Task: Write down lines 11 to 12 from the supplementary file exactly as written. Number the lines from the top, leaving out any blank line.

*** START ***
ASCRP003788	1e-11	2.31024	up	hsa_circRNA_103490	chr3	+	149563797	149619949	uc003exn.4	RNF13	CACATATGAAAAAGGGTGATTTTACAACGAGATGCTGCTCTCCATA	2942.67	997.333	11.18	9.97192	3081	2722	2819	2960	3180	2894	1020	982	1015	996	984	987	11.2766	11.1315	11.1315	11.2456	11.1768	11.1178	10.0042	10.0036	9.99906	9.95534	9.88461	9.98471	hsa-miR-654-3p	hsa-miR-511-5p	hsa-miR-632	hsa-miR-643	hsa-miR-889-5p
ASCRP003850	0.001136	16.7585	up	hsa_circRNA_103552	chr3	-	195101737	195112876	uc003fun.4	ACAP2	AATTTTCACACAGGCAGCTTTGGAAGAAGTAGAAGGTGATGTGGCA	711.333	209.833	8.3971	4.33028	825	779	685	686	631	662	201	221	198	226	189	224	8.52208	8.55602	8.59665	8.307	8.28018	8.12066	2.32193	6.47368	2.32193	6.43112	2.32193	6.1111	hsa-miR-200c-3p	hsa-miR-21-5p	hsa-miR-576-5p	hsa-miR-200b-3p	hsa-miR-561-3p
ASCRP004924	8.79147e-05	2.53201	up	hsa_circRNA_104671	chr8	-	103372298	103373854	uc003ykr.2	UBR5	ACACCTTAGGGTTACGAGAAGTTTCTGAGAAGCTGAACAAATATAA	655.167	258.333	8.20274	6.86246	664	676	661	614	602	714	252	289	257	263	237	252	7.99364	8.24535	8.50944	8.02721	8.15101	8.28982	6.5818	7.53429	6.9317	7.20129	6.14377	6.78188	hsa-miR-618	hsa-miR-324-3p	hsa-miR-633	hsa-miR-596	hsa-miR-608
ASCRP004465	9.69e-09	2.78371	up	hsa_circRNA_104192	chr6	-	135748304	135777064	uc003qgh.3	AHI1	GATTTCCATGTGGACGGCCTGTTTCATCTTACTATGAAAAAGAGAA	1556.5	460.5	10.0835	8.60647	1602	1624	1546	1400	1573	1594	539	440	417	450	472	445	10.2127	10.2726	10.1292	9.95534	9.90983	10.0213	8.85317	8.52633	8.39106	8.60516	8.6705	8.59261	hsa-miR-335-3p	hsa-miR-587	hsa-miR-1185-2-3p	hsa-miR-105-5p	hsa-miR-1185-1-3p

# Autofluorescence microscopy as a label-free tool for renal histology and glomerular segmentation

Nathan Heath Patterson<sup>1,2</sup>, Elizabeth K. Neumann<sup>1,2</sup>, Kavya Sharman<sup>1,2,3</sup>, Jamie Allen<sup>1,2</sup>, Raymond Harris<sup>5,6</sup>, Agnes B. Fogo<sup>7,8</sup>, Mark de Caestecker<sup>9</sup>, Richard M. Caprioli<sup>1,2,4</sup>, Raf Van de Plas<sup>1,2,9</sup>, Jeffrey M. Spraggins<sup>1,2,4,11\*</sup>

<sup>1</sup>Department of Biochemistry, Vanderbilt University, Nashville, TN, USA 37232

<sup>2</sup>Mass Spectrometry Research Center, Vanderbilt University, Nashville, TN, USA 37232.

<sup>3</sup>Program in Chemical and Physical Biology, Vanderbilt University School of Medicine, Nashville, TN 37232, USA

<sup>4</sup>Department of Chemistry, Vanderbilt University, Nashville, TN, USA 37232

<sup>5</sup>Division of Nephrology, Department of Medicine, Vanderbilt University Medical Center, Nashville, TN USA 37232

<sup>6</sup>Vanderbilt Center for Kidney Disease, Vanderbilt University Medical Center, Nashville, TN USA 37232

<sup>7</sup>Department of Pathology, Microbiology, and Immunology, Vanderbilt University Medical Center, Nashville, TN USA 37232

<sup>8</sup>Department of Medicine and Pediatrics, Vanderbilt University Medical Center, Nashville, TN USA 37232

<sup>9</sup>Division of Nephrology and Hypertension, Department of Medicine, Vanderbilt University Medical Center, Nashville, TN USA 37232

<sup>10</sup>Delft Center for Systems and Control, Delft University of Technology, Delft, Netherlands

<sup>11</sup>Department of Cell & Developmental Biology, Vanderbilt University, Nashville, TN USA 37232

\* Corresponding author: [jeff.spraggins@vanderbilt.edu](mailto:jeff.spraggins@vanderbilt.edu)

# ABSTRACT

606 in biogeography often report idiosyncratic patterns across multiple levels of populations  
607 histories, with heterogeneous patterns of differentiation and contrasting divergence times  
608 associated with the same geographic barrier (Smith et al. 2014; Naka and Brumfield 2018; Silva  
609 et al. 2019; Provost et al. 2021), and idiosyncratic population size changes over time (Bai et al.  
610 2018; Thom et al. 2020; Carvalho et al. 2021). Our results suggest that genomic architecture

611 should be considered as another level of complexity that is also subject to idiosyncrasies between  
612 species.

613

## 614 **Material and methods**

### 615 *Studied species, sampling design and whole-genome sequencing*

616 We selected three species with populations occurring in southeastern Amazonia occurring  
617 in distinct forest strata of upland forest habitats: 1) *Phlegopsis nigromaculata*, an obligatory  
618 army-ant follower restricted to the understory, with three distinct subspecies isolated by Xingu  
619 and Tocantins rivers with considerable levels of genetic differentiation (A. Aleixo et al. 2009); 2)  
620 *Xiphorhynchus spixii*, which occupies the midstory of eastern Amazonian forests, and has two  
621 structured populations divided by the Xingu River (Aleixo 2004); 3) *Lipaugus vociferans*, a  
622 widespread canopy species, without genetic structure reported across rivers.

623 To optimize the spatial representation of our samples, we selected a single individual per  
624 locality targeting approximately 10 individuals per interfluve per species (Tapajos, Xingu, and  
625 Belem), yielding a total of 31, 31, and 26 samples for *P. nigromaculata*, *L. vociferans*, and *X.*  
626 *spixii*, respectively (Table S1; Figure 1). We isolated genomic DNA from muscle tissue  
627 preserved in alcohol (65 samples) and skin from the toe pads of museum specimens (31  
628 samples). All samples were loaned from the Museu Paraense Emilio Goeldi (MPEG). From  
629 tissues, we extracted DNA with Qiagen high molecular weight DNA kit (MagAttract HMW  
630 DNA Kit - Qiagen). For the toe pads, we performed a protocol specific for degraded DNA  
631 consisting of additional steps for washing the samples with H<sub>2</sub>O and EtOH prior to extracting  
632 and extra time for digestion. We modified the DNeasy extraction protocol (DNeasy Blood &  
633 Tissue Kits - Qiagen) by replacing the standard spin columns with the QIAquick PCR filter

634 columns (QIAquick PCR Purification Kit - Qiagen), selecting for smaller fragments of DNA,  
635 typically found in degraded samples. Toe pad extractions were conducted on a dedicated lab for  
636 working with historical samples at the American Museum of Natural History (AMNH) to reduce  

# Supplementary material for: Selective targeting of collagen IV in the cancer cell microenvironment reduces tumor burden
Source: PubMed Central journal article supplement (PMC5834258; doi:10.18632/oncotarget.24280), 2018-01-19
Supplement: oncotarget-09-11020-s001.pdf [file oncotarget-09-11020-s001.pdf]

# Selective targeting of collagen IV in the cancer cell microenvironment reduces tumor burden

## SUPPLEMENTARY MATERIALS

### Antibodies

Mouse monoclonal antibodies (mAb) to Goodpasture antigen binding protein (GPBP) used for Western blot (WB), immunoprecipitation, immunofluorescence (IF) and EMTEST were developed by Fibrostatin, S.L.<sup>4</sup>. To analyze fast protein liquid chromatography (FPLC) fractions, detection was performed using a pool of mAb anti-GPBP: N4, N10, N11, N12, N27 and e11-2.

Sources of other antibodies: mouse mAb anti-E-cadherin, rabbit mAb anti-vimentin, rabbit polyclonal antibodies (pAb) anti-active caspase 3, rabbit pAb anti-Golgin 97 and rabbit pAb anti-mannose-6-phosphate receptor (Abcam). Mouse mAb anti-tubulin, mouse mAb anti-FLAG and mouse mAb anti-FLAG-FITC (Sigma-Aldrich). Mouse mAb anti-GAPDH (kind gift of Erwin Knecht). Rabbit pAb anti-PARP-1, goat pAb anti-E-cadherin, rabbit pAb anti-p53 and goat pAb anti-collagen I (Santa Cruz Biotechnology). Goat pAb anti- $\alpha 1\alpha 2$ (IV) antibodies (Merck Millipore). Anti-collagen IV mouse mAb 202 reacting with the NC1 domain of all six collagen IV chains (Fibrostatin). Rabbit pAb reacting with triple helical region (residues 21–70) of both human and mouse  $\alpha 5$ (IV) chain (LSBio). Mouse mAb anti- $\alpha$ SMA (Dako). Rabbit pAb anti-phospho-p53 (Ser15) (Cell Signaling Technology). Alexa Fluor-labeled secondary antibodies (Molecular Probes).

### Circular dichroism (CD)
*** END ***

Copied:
<sup>5</sup>Division of Nephrology, Department of Medicine, Vanderbilt University Medical Center, Nashville, TN USA 37232

<sup>6</sup>Vanderbilt Center for Kidney Disease, Vanderbilt University Medical Center, Nashville, TN USA 37232